Nine formulas are worth hundreds of words. Here's a stab at expressing a hierarchical Bayesian model slightly generalizing pLSA for collaborative filtering.

alpha ~ Gam(x1,y1)
beta ~ Gam(x2,y2)
delta ~ Gam(x3,y3)
theta_{u} ~ DirSym(alpha,K) , u \in [1,M]
phi_{k} ~ DirSym(beta,N) , k \in [1,K]
psi_{k} ~ DirSym(delta,5) , k \in [1,K]
z_{u,n} ~ Mult(theta_{u}) , u \in [1,M] , n \in [1,P_{u}]
f_{u,n} ~ Mult(phi_{z_{u,n}}) , u \in [1,M] , n \in [1,P_{u}]
r_{u,n} ~ Mult(psi_{z_{u,n})) , u \in [1,M] , n \in [1,P_{u}]

Here's a key:

x1,y1,x2,y2,x3,y3: hyperparameters

K: num topics (around 50)
N: num films (around 20K)
M: num users (around 500K)
P_{u}: num films for user u

alpha: prior dispersion of topics per user
beta: prior dispersion of films per topic+film
delta: prior dispersion of ratings per topic+film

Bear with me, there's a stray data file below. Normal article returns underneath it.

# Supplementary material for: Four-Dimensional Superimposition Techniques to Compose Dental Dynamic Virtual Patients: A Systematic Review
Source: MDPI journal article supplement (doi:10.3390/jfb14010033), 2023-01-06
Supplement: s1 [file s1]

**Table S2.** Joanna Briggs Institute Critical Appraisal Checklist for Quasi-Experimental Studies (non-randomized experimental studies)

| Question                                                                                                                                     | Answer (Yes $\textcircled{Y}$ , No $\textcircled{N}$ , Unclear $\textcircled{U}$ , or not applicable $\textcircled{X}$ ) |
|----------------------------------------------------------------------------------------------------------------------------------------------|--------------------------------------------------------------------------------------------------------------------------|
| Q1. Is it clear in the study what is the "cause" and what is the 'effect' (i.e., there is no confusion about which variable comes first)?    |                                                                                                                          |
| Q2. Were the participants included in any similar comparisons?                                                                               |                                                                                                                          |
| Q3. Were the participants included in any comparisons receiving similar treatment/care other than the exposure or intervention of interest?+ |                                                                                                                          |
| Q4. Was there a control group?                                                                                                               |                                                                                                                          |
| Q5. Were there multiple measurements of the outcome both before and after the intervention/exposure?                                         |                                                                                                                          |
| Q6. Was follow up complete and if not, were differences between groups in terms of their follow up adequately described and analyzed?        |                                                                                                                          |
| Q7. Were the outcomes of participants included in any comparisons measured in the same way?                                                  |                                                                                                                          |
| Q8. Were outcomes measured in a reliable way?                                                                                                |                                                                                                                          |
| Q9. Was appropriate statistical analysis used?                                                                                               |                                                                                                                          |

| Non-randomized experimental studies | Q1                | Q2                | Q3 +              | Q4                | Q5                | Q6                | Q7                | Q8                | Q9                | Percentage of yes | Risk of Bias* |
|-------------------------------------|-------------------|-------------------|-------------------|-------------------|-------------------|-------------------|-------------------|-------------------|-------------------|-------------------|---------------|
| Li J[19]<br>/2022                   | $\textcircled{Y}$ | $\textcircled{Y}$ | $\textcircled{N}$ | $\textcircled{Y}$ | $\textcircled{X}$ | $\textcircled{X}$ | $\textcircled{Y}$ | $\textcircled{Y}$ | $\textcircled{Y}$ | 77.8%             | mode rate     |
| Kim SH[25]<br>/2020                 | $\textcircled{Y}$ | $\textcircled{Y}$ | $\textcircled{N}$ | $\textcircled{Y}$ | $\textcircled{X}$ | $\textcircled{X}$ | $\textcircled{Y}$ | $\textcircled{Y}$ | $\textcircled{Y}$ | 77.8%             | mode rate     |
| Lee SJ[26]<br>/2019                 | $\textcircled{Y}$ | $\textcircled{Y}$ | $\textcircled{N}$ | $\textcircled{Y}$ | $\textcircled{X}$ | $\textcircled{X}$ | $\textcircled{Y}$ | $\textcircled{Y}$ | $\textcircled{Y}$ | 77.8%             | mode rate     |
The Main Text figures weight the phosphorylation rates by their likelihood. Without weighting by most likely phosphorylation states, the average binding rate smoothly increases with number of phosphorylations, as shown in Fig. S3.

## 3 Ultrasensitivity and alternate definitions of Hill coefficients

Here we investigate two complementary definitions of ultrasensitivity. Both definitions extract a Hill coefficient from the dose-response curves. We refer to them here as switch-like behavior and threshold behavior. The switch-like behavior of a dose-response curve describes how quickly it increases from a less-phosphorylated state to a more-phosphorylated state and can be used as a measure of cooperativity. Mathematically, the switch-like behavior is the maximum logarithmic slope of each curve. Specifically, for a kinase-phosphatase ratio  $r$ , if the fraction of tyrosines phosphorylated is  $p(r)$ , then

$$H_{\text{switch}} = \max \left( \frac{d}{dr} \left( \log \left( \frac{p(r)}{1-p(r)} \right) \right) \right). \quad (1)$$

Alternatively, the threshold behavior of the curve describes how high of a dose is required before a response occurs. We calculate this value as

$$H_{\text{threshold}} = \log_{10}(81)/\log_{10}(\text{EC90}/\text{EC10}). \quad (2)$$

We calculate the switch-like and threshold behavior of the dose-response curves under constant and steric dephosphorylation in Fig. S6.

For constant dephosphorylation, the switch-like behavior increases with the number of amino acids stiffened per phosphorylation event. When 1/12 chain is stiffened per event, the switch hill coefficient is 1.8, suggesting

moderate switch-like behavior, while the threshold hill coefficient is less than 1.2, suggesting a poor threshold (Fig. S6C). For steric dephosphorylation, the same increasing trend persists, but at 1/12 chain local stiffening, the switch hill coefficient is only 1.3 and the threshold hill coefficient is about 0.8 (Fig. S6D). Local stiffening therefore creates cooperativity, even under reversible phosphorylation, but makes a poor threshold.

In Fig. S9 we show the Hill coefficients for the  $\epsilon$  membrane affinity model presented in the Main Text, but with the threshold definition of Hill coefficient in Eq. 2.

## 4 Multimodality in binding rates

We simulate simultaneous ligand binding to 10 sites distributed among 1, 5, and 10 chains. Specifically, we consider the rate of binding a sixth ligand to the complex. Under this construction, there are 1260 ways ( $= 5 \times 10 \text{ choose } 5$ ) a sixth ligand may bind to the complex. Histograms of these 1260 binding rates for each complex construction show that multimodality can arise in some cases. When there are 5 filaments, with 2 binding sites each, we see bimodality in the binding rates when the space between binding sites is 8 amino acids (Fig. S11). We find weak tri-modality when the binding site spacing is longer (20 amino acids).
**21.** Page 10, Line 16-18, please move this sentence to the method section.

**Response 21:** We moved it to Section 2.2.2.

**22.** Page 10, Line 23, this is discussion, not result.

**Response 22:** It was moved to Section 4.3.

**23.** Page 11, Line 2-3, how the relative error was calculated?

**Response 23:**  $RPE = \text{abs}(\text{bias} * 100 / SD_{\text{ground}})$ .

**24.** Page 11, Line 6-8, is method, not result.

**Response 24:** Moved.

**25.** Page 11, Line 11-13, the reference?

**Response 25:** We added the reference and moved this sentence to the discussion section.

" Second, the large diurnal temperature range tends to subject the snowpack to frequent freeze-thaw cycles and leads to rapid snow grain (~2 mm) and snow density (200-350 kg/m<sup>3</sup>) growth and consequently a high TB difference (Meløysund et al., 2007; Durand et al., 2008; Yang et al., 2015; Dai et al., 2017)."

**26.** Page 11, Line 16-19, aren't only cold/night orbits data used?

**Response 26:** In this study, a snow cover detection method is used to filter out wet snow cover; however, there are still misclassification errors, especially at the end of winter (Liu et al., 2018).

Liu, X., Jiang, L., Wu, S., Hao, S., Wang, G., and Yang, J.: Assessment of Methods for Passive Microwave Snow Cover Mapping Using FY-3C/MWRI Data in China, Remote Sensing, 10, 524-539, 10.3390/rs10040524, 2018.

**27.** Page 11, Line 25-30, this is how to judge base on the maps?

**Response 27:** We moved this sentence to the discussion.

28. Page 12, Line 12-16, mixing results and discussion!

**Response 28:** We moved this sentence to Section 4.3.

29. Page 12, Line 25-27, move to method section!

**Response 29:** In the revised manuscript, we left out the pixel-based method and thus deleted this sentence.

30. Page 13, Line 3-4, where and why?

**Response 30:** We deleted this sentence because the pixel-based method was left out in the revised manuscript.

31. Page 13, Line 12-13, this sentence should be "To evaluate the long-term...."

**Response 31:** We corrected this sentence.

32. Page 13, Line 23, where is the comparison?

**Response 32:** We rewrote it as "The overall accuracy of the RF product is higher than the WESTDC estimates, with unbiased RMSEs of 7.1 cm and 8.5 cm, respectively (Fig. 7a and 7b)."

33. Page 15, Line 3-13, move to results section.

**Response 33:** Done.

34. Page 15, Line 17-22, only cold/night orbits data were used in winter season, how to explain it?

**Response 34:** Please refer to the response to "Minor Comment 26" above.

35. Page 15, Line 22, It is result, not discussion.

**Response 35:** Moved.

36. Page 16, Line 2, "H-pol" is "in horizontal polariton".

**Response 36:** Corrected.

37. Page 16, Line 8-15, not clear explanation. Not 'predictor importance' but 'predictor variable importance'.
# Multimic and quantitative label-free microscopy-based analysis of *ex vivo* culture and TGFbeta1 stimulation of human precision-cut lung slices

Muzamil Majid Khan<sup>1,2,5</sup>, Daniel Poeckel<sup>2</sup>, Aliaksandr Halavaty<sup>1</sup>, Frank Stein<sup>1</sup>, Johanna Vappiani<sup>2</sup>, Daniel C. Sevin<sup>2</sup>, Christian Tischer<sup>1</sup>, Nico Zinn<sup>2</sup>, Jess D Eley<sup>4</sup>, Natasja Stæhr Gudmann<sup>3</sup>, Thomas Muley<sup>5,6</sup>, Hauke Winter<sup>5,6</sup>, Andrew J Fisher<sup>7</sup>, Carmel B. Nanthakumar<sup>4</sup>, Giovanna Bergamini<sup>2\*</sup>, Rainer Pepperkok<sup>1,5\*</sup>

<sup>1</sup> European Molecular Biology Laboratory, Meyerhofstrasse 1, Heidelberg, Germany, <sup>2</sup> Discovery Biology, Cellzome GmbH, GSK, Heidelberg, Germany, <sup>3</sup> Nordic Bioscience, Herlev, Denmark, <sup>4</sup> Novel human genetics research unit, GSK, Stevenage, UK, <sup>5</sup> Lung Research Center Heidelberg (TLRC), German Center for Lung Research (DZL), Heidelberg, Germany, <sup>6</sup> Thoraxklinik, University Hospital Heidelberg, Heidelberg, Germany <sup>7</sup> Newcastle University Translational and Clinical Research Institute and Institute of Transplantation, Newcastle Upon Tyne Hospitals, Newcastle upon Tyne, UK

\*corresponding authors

theta_{u} : multinomial over topics 1..K for user u
phi_{k} : multinomial over films 1..N for topic k
psi_{k} : multinomial over ratings 1..5 for topic k

z_{u,n} : topic chosen for user u's n-th film
f_{u,n} : film chosen for user u's n-th film
r_{u,n} : rating for user u's n-th film

Exercise for the reader: replace the rating multinomial psi_{k} and prior delta to convert this to the Gaussian-style pLSA variant.

Bob Carpenter said...

Oops, missed a subscript on the multinomials over films per user:

psi_{k,p} ~ DirSym(delta,5) , k \in [1,K], p \in [1,N]

r_{u,n} ~ Mult(psi_{z_{u,n},f_{u,n}}) , u \in [1,M] , n \in [1,P_{u}]

Key:

psi_{k,p} : multinomial over ratings 1..5 for film p in topic k

hal said...

re license: i was hoping to avoid this issue because it just irks me. anyway, it's completely free for any purpose...i just added this to the web page.